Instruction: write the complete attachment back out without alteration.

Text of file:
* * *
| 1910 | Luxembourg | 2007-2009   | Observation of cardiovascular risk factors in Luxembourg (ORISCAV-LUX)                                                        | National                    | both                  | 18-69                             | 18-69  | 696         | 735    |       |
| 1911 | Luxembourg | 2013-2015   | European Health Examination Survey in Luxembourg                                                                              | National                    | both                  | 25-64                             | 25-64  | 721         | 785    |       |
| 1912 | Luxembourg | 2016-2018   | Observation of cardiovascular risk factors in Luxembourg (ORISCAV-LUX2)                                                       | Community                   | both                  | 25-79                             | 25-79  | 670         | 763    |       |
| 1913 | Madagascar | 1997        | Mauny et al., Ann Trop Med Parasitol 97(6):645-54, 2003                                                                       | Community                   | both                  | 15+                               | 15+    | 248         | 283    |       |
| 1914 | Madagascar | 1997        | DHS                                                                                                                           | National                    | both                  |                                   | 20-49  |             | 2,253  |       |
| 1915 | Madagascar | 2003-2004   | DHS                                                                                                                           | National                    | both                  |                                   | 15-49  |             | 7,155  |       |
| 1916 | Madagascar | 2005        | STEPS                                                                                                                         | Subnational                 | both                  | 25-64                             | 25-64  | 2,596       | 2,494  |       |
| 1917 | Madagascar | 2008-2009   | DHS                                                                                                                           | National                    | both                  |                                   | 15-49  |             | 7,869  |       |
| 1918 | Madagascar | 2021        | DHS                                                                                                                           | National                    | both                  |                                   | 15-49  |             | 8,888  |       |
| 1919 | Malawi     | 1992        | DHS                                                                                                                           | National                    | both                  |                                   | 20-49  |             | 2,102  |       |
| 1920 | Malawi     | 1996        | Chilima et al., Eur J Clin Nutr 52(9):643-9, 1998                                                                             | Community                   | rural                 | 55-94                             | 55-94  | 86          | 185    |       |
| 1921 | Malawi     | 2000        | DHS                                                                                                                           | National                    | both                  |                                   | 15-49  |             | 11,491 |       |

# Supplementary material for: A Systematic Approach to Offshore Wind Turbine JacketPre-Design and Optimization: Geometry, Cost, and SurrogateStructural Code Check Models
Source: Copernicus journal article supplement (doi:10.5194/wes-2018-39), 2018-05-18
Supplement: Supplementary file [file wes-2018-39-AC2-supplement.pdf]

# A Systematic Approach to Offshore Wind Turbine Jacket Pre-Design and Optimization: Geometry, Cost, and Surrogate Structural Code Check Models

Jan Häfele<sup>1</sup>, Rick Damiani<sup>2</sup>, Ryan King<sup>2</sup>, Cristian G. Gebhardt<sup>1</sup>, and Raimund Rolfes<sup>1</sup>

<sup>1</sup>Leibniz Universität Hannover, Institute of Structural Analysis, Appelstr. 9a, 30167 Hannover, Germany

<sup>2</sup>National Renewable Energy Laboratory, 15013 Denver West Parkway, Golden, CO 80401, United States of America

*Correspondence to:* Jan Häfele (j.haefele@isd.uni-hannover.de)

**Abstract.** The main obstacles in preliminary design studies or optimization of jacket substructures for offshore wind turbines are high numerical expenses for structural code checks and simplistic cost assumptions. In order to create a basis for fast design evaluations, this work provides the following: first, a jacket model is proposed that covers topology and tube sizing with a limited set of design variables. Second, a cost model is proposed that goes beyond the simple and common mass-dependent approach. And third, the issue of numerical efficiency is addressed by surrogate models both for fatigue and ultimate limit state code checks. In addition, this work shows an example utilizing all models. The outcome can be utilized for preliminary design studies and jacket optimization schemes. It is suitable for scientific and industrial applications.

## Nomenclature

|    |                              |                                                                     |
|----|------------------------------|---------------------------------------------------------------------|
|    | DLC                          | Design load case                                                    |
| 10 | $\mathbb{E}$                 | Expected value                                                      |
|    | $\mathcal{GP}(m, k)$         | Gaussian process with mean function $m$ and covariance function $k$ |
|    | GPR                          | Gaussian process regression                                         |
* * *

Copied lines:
| 1910 | Luxembourg | 2007-2009   | Observation of cardiovascular risk factors in Luxembourg (ORISCAV-LUX)                                                        | National                    | both                  | 18-69                             | 18-69  | 696         | 735    |       |
| 1911 | Luxembourg | 2013-2015   | European Health Examination Survey in Luxembourg                                                                              | National                    | both                  | 25-64                             | 25-64  | 721         | 785    |       |
| 1912 | Luxembourg | 2016-2018   | Observation of cardiovascular risk factors in Luxembourg (ORISCAV-LUX2)                                                       | Community                   | both                  | 25-79                             | 25-79  | 670         | 763    |       |
| 1913 | Madagascar | 1997        | Mauny et al., Ann Trop Med Parasitol 97(6):645-54, 2003                                                                       | Community                   | both                  | 15+                               | 15+    | 248         | 283    |       |
| 1914 | Madagascar | 1997        | DHS                                                                                                                           | National                    | both                  |                                   | 20-49  |             | 2,253  |       |
| 1915 | Madagascar | 2003-2004   | DHS                                                                                                                           | National                    | both                  |                                   | 15-49  |             | 7,155  |       |
| 1916 | Madagascar | 2005        | STEPS                                                                                                                         | Subnational                 | both                  | 25-64                             | 25-64  | 2,596       | 2,494  |       |
| 1917 | Madagascar | 2008-2009   | DHS                                                                                                                           | National                    | both                  |                                   | 15-49  |             | 7,869  |       |
| 1918 | Madagascar | 2021        | DHS                                                                                                                           | National                    | both                  |                                   | 15-49  |             | 8,888  |       |
| 1919 | Malawi     | 1992        | DHS                                                                                                                           | National                    | both                  |                                   | 20-49  |             | 2,102  |       |
| 1920 | Malawi     | 1996        | Chilima et al., Eur J Clin Nutr 52(9):643-9, 1998                                                                             | Community                   | rural                 | 55-94                             | 55-94  | 86          | 185    |       |
| 1921 | Malawi     | 2000        | DHS                                                                                                                           | National                    | both                  |                                   | 15-49  |             | 11,491 |       |

# Supplementary material for: A Systematic Approach to Offshore Wind Turbine JacketPre-Design and Optimization: Geometry, Cost, and SurrogateStructural Code Check Models
Source: Copernicus journal article supplement (doi:10.5194/wes-2018-39), 2018-05-18
Supplement: Supplementary file [file wes-2018-39-AC2-supplement.pdf]

# A Systematic Approach to Offshore Wind Turbine Jacket Pre-Design and Optimization: Geometry, Cost, and Surrogate Structural Code Check Models

Jan Häfele<sup>1</sup>, Rick Damiani<sup>2</sup>, Ryan King<sup>2</sup>, Cristian G. Gebhardt<sup>1</sup>, and Raimund Rolfes<sup>1</sup>

<sup>1</sup>Leibniz Universität Hannover, Institute of Structural Analysis, Appelstr. 9a, 30167 Hannover, Germany

<sup>2</sup>National Renewable Energy Laboratory, 15013 Denver West Parkway, Golden, CO 80401, United States of America

*Correspondence to:* Jan Häfele (j.haefele@isd.uni-hannover.de)

**Abstract.** The main obstacles in preliminary design studies or optimization of jacket substructures for offshore wind turbines are high numerical expenses for structural code checks and simplistic cost assumptions. In order to create a basis for fast design evaluations, this work provides the following: first, a jacket model is proposed that covers topology and tube sizing with a limited set of design variables. Second, a cost model is proposed that goes beyond the simple and common mass-dependent approach. And third, the issue of numerical efficiency is addressed by surrogate models both for fatigue and ultimate limit state code checks. In addition, this work shows an example utilizing all models. The outcome can be utilized for preliminary design studies and jacket optimization schemes. It is suitable for scientific and industrial applications.

## Nomenclature

|    |                              |                                                                     |
|----|------------------------------|---------------------------------------------------------------------|
|    | DLC                          | Design load case                                                    |
| 10 | $\mathbb{E}$                 | Expected value                                                      |
|    | $\mathcal{GP}(m, k)$         | Gaussian process with mean function $m$ and covariance function $k$ |
|    | GPR                          | Gaussian process regression                                         |